Types of Transit Systems
Depending on the needs of their community, departments of transportation and private providers can
organize modes of transportation into a
transit system. Common transit systems in rural regions include fixed-route, flex-route, demand-response,
volunteers, and transit vanpools.
transportation systems use buses, vans, light rail, and other vehicles to operate on a predetermined
route according to a predetermined schedule. These types of systems have printed or posted timetables and
designated stops where riders are picked up and dropped off. Fixed-route systems must meet
requirements described by the Americans with Disabilities Act (ADA) to ensure they are accessible for
passengers with disabilities. Fixed-route bus systems are the most common form of
public transportation in the U.S., and 32%
of rural bus systems are fixed-routes. However, in rural areas, traditional fixed-route services may not always
meet the needs of residents, particularly in communities where people do not live along main roads and bus stops
are therefore difficult to access. In these cases, communities may opt for deviated fixed-route systems to pick
up riders at their homes or other more favorable locations.
transportation systems, also called deviated fixed-route systems, use a hybrid fixed-route and
demand-response model. Flex route systems also use prescheduled timetables, but may deviate from the
predetermined route in order to go to a specific location such as major employment site, a child care
center, or a house. Flex route services work well when deviations from the fixed-route do not
significantly impact regular timetables.
transit involves small or medium vehicles operating on flexible routes with flexible schedules that
depend on passenger requests. Passengers may use a subscription service, make advanced reservations, or use
real-time scheduling. The demand-response model also allows passengers to use the transit service for a
particular date and time. Demand-response vehicles may be dispatched to pick up multiple passengers at several
different locations before taking them to their destinations. Demand-response is the second largest
type of public transportation service in the U.S., and is the main provider of transit service in
rural areas, accounting for 43%
of all public transit trips. Demand-response is a more economical service for low-density populations because
rides are only dispatched when needed and go from a single origin to a single destination.
Ride sharing or ride-hailing is a type of demand-response transportation where passengers can use a cell phone
app to request a driver to meet at a particular time and location. Although ride-hailing is increasing in
popularity in many urban centers around the country, the reach remains very limited in rural locations. A 2019
Pew Research Center survey found that 19%
of rural residents have used a ride-hailing app. In
addition, knowledge of this mode of transportation is not evenly distributed across the country, with 54% of
rural residents reporting they had never heard of ride-hailing apps.
Volunteer Transportation Programs
transportation programs rely on volunteers to drive passengers, often using their own personal vehicles.
Volunteers may also drive buses, vans, or other cars to provide rides. Volunteer transportation programs may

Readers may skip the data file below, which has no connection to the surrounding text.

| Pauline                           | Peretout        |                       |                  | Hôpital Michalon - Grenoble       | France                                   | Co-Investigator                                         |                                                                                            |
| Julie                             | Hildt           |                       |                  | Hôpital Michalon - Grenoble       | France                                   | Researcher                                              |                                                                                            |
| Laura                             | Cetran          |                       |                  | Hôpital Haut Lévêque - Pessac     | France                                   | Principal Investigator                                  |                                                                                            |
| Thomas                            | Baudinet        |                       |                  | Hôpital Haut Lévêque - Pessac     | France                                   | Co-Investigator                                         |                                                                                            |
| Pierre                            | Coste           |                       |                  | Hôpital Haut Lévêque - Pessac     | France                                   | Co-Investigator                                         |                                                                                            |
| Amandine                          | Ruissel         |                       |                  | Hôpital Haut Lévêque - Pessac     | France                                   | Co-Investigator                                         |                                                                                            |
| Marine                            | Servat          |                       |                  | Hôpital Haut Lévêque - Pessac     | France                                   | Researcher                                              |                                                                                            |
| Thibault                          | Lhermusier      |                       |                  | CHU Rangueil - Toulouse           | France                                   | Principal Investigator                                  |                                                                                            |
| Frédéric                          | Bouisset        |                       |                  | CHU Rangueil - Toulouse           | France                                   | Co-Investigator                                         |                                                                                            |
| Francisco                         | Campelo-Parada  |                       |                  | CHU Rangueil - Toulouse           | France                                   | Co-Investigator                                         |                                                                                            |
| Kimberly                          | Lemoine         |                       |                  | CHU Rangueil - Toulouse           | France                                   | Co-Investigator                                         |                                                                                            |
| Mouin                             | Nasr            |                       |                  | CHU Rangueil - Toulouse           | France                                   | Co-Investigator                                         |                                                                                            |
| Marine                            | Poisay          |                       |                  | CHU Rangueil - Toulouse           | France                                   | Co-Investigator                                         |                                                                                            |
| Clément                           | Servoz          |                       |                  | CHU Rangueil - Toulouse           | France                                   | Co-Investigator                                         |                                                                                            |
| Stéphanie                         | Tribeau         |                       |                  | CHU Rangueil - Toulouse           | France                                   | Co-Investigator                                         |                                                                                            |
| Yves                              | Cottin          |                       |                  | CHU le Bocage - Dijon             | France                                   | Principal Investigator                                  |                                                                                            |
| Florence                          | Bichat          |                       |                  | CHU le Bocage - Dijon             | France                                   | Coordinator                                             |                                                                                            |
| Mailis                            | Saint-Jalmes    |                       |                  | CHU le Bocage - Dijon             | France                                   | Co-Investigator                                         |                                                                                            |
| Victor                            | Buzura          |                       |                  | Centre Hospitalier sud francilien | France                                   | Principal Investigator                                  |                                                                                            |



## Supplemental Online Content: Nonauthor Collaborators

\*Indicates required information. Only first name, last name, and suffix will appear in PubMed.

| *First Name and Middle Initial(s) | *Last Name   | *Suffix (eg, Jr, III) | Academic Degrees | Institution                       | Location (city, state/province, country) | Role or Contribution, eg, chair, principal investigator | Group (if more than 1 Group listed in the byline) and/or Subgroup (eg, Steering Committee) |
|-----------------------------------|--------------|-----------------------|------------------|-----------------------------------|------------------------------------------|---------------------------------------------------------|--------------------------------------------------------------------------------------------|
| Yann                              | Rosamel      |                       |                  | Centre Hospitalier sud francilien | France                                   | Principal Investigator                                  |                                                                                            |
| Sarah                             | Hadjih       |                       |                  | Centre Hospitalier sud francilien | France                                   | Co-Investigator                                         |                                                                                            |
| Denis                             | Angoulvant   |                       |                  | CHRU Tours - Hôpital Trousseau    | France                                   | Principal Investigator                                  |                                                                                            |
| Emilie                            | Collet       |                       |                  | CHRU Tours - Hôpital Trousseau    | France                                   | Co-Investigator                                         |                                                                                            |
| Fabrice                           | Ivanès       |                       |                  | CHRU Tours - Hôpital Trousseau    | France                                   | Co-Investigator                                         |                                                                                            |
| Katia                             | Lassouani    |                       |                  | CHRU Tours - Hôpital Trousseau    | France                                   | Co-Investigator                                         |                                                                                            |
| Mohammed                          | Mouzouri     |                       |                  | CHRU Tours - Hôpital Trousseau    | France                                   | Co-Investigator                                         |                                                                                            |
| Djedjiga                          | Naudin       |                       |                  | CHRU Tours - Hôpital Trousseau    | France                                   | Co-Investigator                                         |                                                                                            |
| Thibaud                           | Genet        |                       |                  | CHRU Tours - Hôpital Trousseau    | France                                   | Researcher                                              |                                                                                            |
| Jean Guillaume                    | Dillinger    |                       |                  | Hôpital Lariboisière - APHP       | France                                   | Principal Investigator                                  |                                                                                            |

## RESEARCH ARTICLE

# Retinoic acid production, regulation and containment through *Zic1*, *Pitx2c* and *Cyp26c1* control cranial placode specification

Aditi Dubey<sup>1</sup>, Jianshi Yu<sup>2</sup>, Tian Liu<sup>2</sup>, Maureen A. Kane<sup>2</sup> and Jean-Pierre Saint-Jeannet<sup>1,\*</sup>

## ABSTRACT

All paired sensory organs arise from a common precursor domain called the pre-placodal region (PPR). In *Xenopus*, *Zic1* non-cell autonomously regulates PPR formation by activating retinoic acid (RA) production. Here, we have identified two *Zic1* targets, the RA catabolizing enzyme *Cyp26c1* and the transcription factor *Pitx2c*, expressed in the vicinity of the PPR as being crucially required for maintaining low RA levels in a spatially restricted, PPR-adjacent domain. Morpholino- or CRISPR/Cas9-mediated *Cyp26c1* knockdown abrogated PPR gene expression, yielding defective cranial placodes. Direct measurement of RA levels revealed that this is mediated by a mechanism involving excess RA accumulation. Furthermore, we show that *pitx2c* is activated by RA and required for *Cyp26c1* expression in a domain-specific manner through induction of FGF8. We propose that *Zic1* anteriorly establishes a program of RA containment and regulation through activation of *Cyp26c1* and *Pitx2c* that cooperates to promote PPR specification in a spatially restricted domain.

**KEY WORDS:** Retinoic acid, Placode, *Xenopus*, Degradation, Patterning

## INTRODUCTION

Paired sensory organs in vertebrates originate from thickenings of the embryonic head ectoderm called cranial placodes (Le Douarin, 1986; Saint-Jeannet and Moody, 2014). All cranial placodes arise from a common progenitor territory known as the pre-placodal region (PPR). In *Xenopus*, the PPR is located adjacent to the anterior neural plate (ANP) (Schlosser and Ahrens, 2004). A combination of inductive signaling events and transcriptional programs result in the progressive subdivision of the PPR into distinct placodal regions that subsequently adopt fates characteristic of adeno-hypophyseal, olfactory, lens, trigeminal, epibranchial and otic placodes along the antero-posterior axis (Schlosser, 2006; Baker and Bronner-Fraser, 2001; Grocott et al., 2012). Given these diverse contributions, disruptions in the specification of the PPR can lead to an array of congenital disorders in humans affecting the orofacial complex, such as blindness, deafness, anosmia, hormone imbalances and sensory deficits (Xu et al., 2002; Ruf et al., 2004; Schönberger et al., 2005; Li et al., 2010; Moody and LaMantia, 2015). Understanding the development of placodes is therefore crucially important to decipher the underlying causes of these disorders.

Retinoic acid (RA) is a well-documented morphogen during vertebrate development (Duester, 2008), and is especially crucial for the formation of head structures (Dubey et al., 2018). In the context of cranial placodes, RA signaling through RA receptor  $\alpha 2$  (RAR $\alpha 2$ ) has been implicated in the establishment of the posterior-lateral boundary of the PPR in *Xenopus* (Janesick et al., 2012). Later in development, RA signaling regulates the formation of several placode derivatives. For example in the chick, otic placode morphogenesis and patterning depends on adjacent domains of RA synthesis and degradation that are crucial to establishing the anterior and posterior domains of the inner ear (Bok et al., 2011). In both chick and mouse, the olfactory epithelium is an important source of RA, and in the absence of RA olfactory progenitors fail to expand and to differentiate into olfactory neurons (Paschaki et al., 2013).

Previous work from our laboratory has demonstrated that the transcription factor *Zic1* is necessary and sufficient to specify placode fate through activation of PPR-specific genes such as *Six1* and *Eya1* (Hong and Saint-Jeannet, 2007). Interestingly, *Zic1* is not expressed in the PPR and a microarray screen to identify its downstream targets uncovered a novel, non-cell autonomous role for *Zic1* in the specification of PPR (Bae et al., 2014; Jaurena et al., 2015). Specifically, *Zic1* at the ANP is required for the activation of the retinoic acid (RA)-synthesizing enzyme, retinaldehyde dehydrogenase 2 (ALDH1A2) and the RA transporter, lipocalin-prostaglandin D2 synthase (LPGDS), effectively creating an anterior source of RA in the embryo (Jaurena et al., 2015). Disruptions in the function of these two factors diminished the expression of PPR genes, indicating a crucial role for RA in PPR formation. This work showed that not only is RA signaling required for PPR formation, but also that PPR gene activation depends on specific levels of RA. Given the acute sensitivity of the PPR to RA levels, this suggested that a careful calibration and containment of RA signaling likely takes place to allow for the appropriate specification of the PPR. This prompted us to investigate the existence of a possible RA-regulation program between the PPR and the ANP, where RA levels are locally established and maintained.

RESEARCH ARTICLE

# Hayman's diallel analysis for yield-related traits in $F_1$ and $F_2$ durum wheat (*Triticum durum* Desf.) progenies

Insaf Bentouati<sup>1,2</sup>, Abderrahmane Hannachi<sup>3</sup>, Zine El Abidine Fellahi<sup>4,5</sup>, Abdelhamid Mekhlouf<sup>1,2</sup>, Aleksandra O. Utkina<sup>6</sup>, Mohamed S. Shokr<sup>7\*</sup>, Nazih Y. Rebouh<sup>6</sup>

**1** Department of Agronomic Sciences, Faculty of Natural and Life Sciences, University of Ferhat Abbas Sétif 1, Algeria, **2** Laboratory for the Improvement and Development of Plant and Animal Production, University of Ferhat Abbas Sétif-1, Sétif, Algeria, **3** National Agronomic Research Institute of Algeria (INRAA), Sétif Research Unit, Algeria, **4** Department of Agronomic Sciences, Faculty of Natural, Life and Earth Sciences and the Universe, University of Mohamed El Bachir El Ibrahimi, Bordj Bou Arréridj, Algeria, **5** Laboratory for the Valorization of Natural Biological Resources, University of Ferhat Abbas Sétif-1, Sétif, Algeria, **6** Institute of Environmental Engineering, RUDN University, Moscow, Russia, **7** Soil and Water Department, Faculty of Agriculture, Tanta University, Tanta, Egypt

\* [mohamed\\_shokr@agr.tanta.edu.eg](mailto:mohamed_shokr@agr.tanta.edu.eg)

reimburse volunteers for gas, mileage, or other costs. While volunteer transit programs may be low cost and
provide flexible service, identifying and training volunteers can require significant time and effort. In
addition, rural programs may face issues with insuring volunteer drivers. The
National Center for Mobility Management provides resources for volunteer driver programs.
Vanpools use vans that can typically carry between 5 and 15
passengers. Vanpools are similar to carpools, with the main difference being that vanpools use vehicles larger
than a car. Vanpooling is typically used by rural residents to travel long distances to their urban worksites.
Formal transit agencies, employers, groups of employees, or other organizations can organize vanpools. Vanpool
passengers may ride full or part time, and the rider's expenses can vary based on frequency of use or distances
traveled. Typically the cost is less than driving a long distance alone.
Resources to Learn More
Estimating Ridership of Rural
Demand-Response Transit Services for the General Public
This study describes two models for use in estimating demand for demand-response transit in rural
Author(s): Mattson, J.
Guidebook for Rural Demand Response Transportation:
Measuring, Assessing, and Improving Performance
Provides background of rural demand response transportation, including information on accessing data,
performance measurement, and system improvement.
Author(s): Ellis, E. & McCollom, B.
Organization(s): Transportation Research Board
A Guide for Planning and Operating
Flexible Public Transportation Services
This report provides an overview of several types of flex route service strategies that can be used
in rural transit agencies. Chapter 2 includes a decision matrix for developing flex routes services
in rural areas and Chapter 4 provides examples of successful programs and best practices.
Author(s): Potts, J.F., Marshall, M.A., Crockett, E.C., & Washington, J.
Organization(s): Transportation Research Board
of Rural Transportation for People with Disabilities
Provides succinct summaries of rural transportation models, with particular attention to the needs of
passengers with disabilities. It also discusses potential opportunities for coordination or
collaboration with community-based organizations.
Author(s): Seekins, T.
Organization(s): University of Montana Rural Institute